Growing Your Own Food

snow peas and radishes

snow peas and radishes

Many years ago, during an economic boom, a friend of mine made what I thought, at the time, was a bizarre prediction.
“Some day,” he said, “knowing how to grow your own food will be more important than knowing how to drive a car.”
In the wake of the recent economic upheaval, this prediction does not strike me as odd as it once did. You never know. Homesteading or living off the land could become the next big thing.
In our area, you can still harvest vegetables throughout the fall and winter if you plant now. The easiest vegetables to start are radishes, lettuces, peas and beets.
Radishes come in many configurations, from the common globe radish to the more exotic icicle and oriental radishes.
The seeds of all radishes sprout readily in the garden. Those familiar magenta-skinned globe radishes may be ready to eat in less than a month. The white Japanese daikon radish grows 1 foot in length, yet goes from seed to harvest in only 40 days.
Root crops that require more patience, such as onions, garlic and potatoes, may also be planted now.
Lettuces also are easy to grow from seed and are ready to harvest in about a month, albeit at a modest size. If you want larger lettuces, keep them in the ground longer, although you should not expect to grow supermarket-size lettuce crops.
Mesclun, the French word for mixture, refers to a salad consisting of a combination of garden greens. Seed packets labeled “mesclun” are now available; they include seeds of red and green lettuce, curly endive, chicory, radicchio and arugula. Your salad should be ready in 30 days.
If you wish, harvest individual leaves from your garden greens or shear the tops off with scissors every week or so, instead of harvesting the whole plants. They will continue to produce new growth for several months.
Peas require a little more than twice the patience of radishes and salad greens. They need around 70 days to yield their first edible pods.
Picked fresh from the plant, you can eat the whole pods raw – the sweetest snack the vegetable garden has to offer – as they mature.
Make sure you plant peas at the rear of your vegetable garden and provide them with some sort of trellis to climb. If you have a sunny fence or block wall, consider turning the ground beneath it into a pea patch.
Beets and Swiss chard are botanical relatives, both grow in Valley gardens with ease, and both are ready to harvest 60 days after planting. Swiss chard not only is edible but it is ornamental as well, with maroon-leaf and gold- and pink-stem varieties available.
Carrots also can be planted now. Their seeds are so small, and the tiny leaves that first sprout are so tiny and slender that you might miss them. Make sure you give carrots a loose, well-drained soil so they can grow straight and long. And remember to thin them out – a rule that holds true for all vegetables.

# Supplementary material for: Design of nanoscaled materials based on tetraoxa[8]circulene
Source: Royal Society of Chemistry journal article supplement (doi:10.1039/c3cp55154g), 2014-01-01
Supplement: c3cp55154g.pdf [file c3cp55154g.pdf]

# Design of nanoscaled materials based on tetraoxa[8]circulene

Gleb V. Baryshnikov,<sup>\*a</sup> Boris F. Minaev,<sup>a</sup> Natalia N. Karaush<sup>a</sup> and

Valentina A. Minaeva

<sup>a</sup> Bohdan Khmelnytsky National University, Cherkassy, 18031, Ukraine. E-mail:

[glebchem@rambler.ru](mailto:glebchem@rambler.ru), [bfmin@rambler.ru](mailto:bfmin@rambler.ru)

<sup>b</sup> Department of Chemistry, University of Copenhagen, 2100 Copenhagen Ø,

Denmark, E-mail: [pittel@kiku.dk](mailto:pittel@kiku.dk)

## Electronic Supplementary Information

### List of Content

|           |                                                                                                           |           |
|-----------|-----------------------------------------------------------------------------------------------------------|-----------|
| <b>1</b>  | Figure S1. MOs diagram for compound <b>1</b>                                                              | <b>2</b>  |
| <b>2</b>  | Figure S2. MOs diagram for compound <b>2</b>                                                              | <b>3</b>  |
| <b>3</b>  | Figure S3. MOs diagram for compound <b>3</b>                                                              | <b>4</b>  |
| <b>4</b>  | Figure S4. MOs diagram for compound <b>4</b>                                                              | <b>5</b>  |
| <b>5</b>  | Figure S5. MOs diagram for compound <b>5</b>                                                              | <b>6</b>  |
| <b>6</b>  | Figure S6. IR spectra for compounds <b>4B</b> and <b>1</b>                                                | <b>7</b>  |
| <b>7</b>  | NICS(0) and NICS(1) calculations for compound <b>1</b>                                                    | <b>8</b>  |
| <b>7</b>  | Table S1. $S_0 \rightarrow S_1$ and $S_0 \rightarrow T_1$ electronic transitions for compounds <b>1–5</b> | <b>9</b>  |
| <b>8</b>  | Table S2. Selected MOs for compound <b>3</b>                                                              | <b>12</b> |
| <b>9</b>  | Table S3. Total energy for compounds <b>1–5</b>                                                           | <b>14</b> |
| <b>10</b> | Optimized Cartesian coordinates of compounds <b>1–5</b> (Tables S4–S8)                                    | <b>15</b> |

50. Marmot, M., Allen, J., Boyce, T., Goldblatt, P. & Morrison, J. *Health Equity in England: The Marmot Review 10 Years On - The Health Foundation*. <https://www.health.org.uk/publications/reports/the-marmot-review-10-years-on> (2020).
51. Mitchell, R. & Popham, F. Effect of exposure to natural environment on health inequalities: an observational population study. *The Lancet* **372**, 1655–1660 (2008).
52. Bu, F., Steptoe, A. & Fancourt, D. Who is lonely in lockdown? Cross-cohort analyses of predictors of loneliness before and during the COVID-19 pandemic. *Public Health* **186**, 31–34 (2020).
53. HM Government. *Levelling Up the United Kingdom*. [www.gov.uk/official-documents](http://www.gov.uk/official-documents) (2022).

Cole or cruciferous crops include cabbage, broccoli, Brussels sprout, cauliflower, turnip, collard green and kohlrabi. All may be planted now and all face the same potential nemesis: that pretty white butterfly with the black beauty marks on its wingtips.
Prevent this pest, better-known as the imported cabbageworm, from taking up residence in your fall garden. Place a floating row cover – it looks like mosquito netting – over the seedlings and keep it there until harvest.
In our area, this is the best time of year to plant strawberries and you can find them now at most local nurseries.
Growing strawberries is tricky because the fungi that inhabit our soil may decimate the plants before they really get started. One way around this difficulty is to build a raised bed from top soil, available in nurseries by the bag, and compost.
To simplify the task, build a frame out of 2-by-8-inch planks and fill it with bags of good earth. Take care that the bed you create is not more than 3 feet wide so that you can access and care for your plants without having to step in the bed.
Another problem with strawberries is that in their enthusiasm to harvest, people don’t give the plants enough time to establish themselves before allowing them to flower and fruit. It is advisable to pluck off the first crop of strawberry flowers prior to their setting fruit. By demonstrating this restraint, you will have stronger plants and many more strawberries to pick after the plants flower the second, third and fourth time around.
In any event, even though strawberries are perennials, it is difficult to grow them for more than a few years in the same location before there is a drop-off in fruit production.
As strawberry companion plants, grow spinach and fennel.
Tip of the week
Self-sowing delphiniums, sometimes called larkspurs, whose flowering spires are beloved by all, may be planted now from seed. They are typically seen in pink, mauve and blue, are classic English garden plants, and self-sow from year to year. Their seed packets should be available at most nurseries.
Larkspur delphiniums (Consolida ajacis) differ from the candle delphiniums (Delphinium elatum) you see blooming in nurseries in containers. Candle delphiniums have gaudier inflorescences but they are assailed by snails and do not re-seed themselves in the garden as larkspurs do.
Now also is a favorable time to plant those nonedible but pungently fragrant sweet peas. When you see and smell their white, pink and violet flowers in the spring, you will swear the dollar or two spent on a packet of seeds was the best fall investment you ever made.
California wildflowers may also be planted now. Aside from the famous California poppies, consider clarkias, monkey flowers and lupines for your wildflower garden.

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